So far, Movellan said, the most challenging aspect to RUBI’s effectiveness in the classroom is her fatality rate.

“The children would shake RUBI’s head, poke her eyes, pull her arms, and bite her hands,” he said. “Some of our versions of RUBI died after two hours of interacting with the children. In the end, a critical part of RUBI’s survival was to provide her with an ’emotion engine.'”

According to Movellan, RUBI now can detect when her well-being is at stake and respond appropriately. For example, when she feels threatened, she cries, and this gives the children a clear message as to what is appropriate and what is not. When she is surrounded by children who are playing with her, she is happy and giggles.

RUBI is also modeled after typical child behavior, with an interactive program that allows her to take objects offered to her from children, say “thank you,” and then give the objects back.

By the end of RUBI’s first phase, and after conducting two randomized, pre-test/treatment/post-test trials, RUBI was found to have a significant effect on vocabulary learning, both in English and in a foreign language (Finnish).

“Most importantly, we learned about the factors that were more predictive of learning,” Movellan said. “Turns out that the total amount of time a child spent with RUBI was not a very good predictor of learning.”

As with other classroom technology, Movellan explained, what matters most is the duration of the daily interactions. Children who interacted a lot with RUBI during the day, but with short interaction periods, did not learn much. Children who interacted for a lesser amount of time, with each episode being more sustained (about four minutes in all), learned a lot.

MP Lab is now programming RUBI to get four minutes of sustained interaction with each child per day. The researchers also learned that it’s useful to involve more than one child in the interactions. For example, children who typically interact with the robot in short bursts have longer, more sustained interactions when they play with RUBI together.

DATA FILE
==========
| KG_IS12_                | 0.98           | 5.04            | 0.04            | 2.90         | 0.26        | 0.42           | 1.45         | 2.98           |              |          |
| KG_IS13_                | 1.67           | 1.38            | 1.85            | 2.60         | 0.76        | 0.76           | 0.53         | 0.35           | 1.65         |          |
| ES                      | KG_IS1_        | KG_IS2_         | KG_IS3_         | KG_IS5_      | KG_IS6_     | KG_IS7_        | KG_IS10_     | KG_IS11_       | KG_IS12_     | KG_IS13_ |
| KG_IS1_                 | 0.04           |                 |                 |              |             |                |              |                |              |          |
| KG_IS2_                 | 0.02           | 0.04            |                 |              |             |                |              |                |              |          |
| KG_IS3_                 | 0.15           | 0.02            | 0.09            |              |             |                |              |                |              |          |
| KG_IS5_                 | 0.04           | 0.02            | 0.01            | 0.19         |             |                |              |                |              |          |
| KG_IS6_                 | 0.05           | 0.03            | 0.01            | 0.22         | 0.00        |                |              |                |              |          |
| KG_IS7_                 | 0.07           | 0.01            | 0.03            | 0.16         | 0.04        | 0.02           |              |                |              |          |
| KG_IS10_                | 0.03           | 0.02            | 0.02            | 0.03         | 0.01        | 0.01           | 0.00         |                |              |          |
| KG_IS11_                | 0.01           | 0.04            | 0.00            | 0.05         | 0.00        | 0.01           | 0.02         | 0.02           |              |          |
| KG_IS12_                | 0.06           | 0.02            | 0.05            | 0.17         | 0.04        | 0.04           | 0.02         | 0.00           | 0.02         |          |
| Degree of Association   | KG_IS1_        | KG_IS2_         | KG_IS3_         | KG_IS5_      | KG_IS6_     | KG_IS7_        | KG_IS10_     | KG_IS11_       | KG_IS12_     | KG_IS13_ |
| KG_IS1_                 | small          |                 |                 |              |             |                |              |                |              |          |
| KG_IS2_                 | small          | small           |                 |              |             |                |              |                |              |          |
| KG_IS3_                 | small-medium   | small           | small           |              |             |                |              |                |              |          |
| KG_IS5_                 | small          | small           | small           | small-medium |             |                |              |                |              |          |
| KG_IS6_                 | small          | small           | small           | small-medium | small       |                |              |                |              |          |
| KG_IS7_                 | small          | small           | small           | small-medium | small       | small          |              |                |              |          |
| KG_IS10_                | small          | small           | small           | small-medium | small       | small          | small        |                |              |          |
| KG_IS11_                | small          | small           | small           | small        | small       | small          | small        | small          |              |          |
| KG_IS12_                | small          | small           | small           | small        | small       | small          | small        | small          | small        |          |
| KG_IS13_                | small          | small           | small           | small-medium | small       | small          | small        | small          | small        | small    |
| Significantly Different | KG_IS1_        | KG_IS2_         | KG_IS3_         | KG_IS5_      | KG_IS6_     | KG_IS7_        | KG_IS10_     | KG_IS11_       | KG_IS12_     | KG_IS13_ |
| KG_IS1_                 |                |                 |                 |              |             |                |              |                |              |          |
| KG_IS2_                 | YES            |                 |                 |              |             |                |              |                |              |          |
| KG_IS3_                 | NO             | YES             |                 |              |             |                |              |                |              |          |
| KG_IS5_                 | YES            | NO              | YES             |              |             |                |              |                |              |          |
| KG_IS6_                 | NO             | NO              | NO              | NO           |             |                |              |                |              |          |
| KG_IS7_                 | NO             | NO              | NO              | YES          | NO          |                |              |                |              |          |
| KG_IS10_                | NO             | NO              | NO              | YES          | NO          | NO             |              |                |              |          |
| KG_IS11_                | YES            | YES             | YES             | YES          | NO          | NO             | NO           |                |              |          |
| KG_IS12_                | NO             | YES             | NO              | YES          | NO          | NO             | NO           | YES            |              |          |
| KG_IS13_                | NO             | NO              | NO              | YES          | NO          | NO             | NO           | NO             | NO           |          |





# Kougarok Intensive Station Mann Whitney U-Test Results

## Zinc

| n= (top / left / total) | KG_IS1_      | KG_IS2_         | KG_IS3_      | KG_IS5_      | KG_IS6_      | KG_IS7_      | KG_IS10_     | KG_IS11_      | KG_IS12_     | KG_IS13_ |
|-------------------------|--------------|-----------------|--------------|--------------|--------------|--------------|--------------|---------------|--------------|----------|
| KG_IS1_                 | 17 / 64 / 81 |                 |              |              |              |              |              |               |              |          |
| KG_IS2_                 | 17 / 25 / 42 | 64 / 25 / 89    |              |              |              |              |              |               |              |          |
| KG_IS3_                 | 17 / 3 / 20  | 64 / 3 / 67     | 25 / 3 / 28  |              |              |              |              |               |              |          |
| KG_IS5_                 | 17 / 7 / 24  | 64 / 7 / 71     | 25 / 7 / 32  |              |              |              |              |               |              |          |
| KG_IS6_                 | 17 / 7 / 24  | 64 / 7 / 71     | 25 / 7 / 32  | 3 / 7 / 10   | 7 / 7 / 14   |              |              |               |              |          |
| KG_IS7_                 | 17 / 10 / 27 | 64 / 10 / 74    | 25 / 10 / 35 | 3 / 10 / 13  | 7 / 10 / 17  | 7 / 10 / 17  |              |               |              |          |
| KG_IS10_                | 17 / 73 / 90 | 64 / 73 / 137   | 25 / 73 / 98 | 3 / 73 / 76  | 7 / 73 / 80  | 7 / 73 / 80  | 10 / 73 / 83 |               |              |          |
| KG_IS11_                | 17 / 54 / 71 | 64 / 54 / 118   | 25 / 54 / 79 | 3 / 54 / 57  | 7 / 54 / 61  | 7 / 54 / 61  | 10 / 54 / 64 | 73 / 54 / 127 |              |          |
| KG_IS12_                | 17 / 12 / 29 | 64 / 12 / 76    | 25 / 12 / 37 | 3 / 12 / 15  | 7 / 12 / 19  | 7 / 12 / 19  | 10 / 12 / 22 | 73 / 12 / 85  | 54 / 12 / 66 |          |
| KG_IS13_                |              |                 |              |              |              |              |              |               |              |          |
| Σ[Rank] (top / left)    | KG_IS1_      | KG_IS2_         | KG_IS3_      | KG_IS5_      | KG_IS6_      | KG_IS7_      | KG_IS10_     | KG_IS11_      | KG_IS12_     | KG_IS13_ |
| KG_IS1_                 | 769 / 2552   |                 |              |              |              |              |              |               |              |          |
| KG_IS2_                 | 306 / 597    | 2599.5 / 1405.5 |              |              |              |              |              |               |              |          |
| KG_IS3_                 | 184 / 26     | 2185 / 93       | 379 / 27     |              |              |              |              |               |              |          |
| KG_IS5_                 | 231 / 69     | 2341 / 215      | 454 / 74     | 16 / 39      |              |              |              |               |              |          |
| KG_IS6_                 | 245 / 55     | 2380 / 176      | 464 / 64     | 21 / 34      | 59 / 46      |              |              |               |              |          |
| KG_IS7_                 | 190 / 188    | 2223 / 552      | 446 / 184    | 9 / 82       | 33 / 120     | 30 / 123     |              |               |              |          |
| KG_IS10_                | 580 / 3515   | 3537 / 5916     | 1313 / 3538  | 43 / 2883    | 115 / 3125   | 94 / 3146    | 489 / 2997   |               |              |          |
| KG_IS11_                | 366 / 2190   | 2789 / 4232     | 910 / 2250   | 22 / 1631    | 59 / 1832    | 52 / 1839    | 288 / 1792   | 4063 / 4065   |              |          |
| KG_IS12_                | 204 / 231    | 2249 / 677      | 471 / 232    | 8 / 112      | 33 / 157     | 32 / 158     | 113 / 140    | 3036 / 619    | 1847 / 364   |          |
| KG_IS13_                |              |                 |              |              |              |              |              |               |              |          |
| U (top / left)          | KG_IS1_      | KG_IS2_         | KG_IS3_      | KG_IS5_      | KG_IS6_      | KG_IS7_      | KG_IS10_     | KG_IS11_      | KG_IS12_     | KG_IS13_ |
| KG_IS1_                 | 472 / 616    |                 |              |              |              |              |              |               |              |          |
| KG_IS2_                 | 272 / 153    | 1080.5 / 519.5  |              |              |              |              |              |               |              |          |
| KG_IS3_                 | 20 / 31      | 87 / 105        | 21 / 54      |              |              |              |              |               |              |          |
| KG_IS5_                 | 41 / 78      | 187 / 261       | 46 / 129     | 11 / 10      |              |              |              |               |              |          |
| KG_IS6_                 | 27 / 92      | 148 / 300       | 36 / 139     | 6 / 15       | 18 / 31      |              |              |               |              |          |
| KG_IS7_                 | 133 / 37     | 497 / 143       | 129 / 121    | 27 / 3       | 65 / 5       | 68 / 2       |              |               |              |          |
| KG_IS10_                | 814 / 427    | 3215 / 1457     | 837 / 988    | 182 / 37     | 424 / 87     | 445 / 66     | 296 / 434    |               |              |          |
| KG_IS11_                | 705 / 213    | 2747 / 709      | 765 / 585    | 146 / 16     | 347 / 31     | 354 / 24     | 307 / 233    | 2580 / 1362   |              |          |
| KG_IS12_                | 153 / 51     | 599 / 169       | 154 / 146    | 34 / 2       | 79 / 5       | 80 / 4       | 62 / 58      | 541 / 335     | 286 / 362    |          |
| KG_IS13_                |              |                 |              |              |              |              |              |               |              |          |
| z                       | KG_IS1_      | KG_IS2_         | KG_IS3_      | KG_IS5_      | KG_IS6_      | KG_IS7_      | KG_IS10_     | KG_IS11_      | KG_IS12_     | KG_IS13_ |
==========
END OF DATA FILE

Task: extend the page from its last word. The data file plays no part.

Beginning in September, MP Lab will receive funding from the National Science Foundation to experiment with the development of a social network of robots (RubiNet) for early childhood education. Movellan hopes RUBI-style educational robots will act as interfaces between toddlers across the nation and across the world, the same way computers act as interfaces between humans and the internet.

Robots all over the world

In Seoul, South Korea, robots are establishing a presence in education and soon will move beyond basic testing to full classroom implementation.

Engkey (a contraction of “English Jockey,” as in disc jockey), a robot created by the Center for Intelligent Robotics (CIR) at the Korea Institute of Science and Technology (KIST), is a short, penguin-like robot designed to help South Korean students learn English.

Engkey in a school in Seoul. Copyright: Choe Sang-Hun, NYT.
Engkey in a school in Seoul. Copyright: Choe Sang-Hun, New York Times.

CIR’s focus on the development of robot technologies for daily human assistance is what inspired the team to create Engkey. CIR’s technologies are managed by a government-funded program, 21C Frontier, which is hosted by the Korea Ministry of Knowledge and Economy (MKE). The program is a 10-year initiative that began in 2003, and its total budget is about 130 million U.S. dollars.

MKE, and the city of Masan in Korea, provided an additional half a million U.S. dollars specifically for the development of Engkey.

According to KIST’s Intelligent Robotics team leader, Dr. Mun-taek Choi, the development of Engkey started in early 2009, and the first version took slightly less than a year to create by applying some of the original technologies from CIR. Choi and his team expect the second version of Engkey, with better software, to be ready by the end of this year.

In a pilot project to test the applicability of the robot as a teaching tool, the first version of Engkey was installed in classrooms for two months, from late Dec. 2009 to early Feb. 2010. Engkey helped teach students in two Masan schools.

Engkey has the option of using either a synthesized female or male voice and can follow students around the room, asking them basic programmed questions in English, such as “How can I help you today?”

The robot also is programmed to give a series of set responses, such as “Wow, very good!” or “Not good this time. You need to focus more on your accent.”

However, Engkey is programmed to hear a set list of responses, and if a student deviates from the responses, Engkey cannot compute those responses.

“To make a robot have ‘good’ interaction skills, first we need to develop good recognition technologies to understand humans, environments, and situations,” said Choi. “Those are very limited with current sensor technologies.”

After more tests in schools this year, Choi hopes to commercialize Engkey and to reduce the price from the current $24,000 to $8,000.

South Korea, a leader in robotics, soon will deploy hundreds of robotic teaching aides as part of a plan to have the country’s 8,400 kindergartens work with robots by 2013, thanks to the efforts of the Education Ministry.